My friend Royston posted a link to this blog post from KFMX (Lubbock's Rock Station) about the legacy of illegal downloading. It sums it up in a nutshell. Although I'm in two minds about the grammar , sould it be Metallica Was Right or Metallica Were Right. Anyway this post isn't about grammatical correctness it's about the whole music stealing thing , and where we are at today and why we are here today musically/ It's probably best to do it roughly in temporal order so I'll do it by decades:
|A Complete Music Centre|
The thing is unless you had your own recording facilities in the 1950's the only way of stealing music was to actually shoplift or resort to burglary. Music theft was limited to plagiarism and blantant exploitation like Alan Freed's co composer credit on Chuck Berry's Motorvatin' because there had to be a white presence.
|Reel To Reel|
|Select a Tape|
Lots of companies produced tapes and recorders and customers started recording music from TV and radio and records and sharing it with their friends. This was countered by the "Home Taping Is Killing Music" campaign. What actually was happening was that record companies saw a threat and adopted a terrible attitude that their market was comprised of thieves. Home taping went through the roof with the introduction of the Sony Walkman , because this meant that you could take music that you had paid for with you by copying to a C90 tape. Record companies didn't like this either because they saw it as a potential loss of revenue.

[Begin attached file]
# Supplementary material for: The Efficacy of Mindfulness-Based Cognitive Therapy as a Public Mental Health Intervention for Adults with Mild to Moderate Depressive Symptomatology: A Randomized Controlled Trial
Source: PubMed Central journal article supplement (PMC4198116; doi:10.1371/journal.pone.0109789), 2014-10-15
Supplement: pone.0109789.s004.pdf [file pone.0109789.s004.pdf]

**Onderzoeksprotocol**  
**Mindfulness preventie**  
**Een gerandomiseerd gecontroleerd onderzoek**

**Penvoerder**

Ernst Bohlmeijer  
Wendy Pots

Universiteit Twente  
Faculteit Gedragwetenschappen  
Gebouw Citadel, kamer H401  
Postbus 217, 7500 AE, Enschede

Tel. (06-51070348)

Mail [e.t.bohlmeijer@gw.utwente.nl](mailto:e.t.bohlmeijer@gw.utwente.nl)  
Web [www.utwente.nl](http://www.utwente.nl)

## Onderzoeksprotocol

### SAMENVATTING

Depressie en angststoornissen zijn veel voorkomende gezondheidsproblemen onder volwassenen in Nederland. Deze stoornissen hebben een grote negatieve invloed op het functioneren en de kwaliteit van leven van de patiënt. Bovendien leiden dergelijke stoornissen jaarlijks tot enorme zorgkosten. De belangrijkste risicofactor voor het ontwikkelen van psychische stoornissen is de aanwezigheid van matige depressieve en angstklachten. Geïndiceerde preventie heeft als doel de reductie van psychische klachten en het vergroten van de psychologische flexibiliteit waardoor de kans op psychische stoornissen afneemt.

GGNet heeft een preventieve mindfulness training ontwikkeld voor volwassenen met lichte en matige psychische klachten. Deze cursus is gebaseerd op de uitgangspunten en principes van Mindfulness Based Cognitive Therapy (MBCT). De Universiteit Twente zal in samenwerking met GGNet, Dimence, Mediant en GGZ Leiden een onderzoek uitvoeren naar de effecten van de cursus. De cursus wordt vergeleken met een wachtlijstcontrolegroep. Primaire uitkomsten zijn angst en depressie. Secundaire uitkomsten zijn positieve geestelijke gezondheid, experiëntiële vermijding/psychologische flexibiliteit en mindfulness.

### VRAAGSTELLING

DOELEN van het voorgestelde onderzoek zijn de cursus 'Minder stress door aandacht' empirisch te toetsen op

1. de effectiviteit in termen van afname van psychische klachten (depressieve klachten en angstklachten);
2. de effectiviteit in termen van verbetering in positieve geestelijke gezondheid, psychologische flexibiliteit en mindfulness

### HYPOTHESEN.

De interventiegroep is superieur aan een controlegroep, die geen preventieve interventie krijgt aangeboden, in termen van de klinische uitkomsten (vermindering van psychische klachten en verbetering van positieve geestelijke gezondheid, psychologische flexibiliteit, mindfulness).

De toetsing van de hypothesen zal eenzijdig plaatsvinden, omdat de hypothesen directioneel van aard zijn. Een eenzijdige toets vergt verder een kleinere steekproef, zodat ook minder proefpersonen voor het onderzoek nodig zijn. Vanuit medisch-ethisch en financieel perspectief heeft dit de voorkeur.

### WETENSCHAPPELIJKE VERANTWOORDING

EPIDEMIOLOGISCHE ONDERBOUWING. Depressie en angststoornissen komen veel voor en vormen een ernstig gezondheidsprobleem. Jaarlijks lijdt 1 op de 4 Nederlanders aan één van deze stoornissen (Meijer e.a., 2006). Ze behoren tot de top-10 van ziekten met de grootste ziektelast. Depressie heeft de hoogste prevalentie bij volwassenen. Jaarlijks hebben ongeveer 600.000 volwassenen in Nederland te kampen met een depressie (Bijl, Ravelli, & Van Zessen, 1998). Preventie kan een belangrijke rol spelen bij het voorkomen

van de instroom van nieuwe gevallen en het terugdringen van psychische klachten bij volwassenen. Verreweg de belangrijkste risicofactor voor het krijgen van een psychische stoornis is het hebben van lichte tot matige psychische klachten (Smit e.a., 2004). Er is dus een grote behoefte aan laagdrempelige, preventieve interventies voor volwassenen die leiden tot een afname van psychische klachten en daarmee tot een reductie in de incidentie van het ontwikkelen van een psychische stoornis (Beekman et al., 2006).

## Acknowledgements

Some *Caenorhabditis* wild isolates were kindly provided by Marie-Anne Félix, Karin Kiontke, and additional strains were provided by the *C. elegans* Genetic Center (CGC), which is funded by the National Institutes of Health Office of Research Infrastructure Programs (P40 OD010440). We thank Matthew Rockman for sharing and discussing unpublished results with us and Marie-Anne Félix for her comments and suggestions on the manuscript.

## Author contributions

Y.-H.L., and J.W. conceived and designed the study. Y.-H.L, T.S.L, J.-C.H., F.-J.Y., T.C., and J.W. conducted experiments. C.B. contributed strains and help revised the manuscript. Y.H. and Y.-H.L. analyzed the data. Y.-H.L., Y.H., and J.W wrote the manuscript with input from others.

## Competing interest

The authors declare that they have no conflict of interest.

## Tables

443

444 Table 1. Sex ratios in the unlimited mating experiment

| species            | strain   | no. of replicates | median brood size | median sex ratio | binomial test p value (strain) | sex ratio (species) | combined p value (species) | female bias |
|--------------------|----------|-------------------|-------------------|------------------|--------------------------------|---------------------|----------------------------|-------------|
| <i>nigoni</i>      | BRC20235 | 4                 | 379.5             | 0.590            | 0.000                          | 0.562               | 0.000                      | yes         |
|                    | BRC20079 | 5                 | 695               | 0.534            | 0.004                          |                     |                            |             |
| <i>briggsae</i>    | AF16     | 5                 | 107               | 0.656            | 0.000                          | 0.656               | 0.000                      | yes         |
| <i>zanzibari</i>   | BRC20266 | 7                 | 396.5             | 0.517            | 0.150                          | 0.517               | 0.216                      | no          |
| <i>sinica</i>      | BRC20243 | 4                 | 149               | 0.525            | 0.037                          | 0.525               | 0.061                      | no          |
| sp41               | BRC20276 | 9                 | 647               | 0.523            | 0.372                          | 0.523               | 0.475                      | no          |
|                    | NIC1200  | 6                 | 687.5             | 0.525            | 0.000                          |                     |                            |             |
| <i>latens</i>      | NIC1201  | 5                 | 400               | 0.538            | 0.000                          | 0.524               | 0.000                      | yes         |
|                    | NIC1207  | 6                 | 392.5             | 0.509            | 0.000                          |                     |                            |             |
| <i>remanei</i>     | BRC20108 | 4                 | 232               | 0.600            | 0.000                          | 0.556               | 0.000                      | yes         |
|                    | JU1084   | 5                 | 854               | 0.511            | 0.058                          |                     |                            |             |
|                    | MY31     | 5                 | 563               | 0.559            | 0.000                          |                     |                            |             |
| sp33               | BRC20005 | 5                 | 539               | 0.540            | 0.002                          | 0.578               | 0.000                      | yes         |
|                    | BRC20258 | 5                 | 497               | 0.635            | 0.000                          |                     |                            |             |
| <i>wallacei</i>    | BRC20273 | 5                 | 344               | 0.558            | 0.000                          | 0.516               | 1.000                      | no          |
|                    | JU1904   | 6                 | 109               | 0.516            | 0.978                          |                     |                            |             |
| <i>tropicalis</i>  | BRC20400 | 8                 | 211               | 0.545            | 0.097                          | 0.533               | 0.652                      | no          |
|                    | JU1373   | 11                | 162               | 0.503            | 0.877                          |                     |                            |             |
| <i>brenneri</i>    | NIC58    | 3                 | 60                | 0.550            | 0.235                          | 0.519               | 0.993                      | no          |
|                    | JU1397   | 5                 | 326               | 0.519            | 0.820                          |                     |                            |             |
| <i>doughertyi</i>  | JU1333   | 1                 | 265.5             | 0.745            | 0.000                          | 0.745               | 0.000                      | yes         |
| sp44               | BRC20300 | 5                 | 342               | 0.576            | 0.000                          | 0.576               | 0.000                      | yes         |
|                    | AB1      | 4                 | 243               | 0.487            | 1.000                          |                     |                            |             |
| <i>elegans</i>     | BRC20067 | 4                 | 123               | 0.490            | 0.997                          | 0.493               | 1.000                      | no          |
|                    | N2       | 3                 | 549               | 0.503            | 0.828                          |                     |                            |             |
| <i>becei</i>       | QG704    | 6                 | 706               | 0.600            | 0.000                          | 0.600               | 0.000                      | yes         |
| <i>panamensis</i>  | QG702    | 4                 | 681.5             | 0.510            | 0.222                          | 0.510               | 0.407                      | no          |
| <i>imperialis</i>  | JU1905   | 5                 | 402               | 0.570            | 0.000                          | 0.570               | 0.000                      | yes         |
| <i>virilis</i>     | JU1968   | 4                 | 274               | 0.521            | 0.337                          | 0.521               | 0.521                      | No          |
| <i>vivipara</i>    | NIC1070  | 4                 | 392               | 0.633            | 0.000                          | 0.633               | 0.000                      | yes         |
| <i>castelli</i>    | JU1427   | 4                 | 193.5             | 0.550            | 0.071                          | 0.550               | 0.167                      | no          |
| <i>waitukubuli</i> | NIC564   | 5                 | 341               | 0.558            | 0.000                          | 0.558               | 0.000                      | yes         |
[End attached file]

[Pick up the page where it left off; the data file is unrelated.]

|John Martyn 1+1|
Companies started marketing pre recorded cassette tapes which sold well , but in a completely odd ploy Island started the 1+1 series with the album recorded on one side and the second side blank for you to record whatever you want on. The only image I could find was for the John Martyn album Grace and Danger, although these was a normal delivery method for Island completely encouraging people to tape music. I don't know if there is a caveat or disclaimer on the tape somewhere.
The record industry tried introducing a high frequency signal on the vinyl record to combat taping, and finally introduced a 5% PRS levy on all tapes.
Home taping didn't kill music, if anything it helped spread the word. Although you could only record in real time, so you knew what you were doing. Though for the first time you could put together tapes for parties , driving , bus journeys, running but you still knew that you should really buy the records. However often you would get a tape from a friend, listen to it and then go out buy the album. The record companies didn't acknowledge this.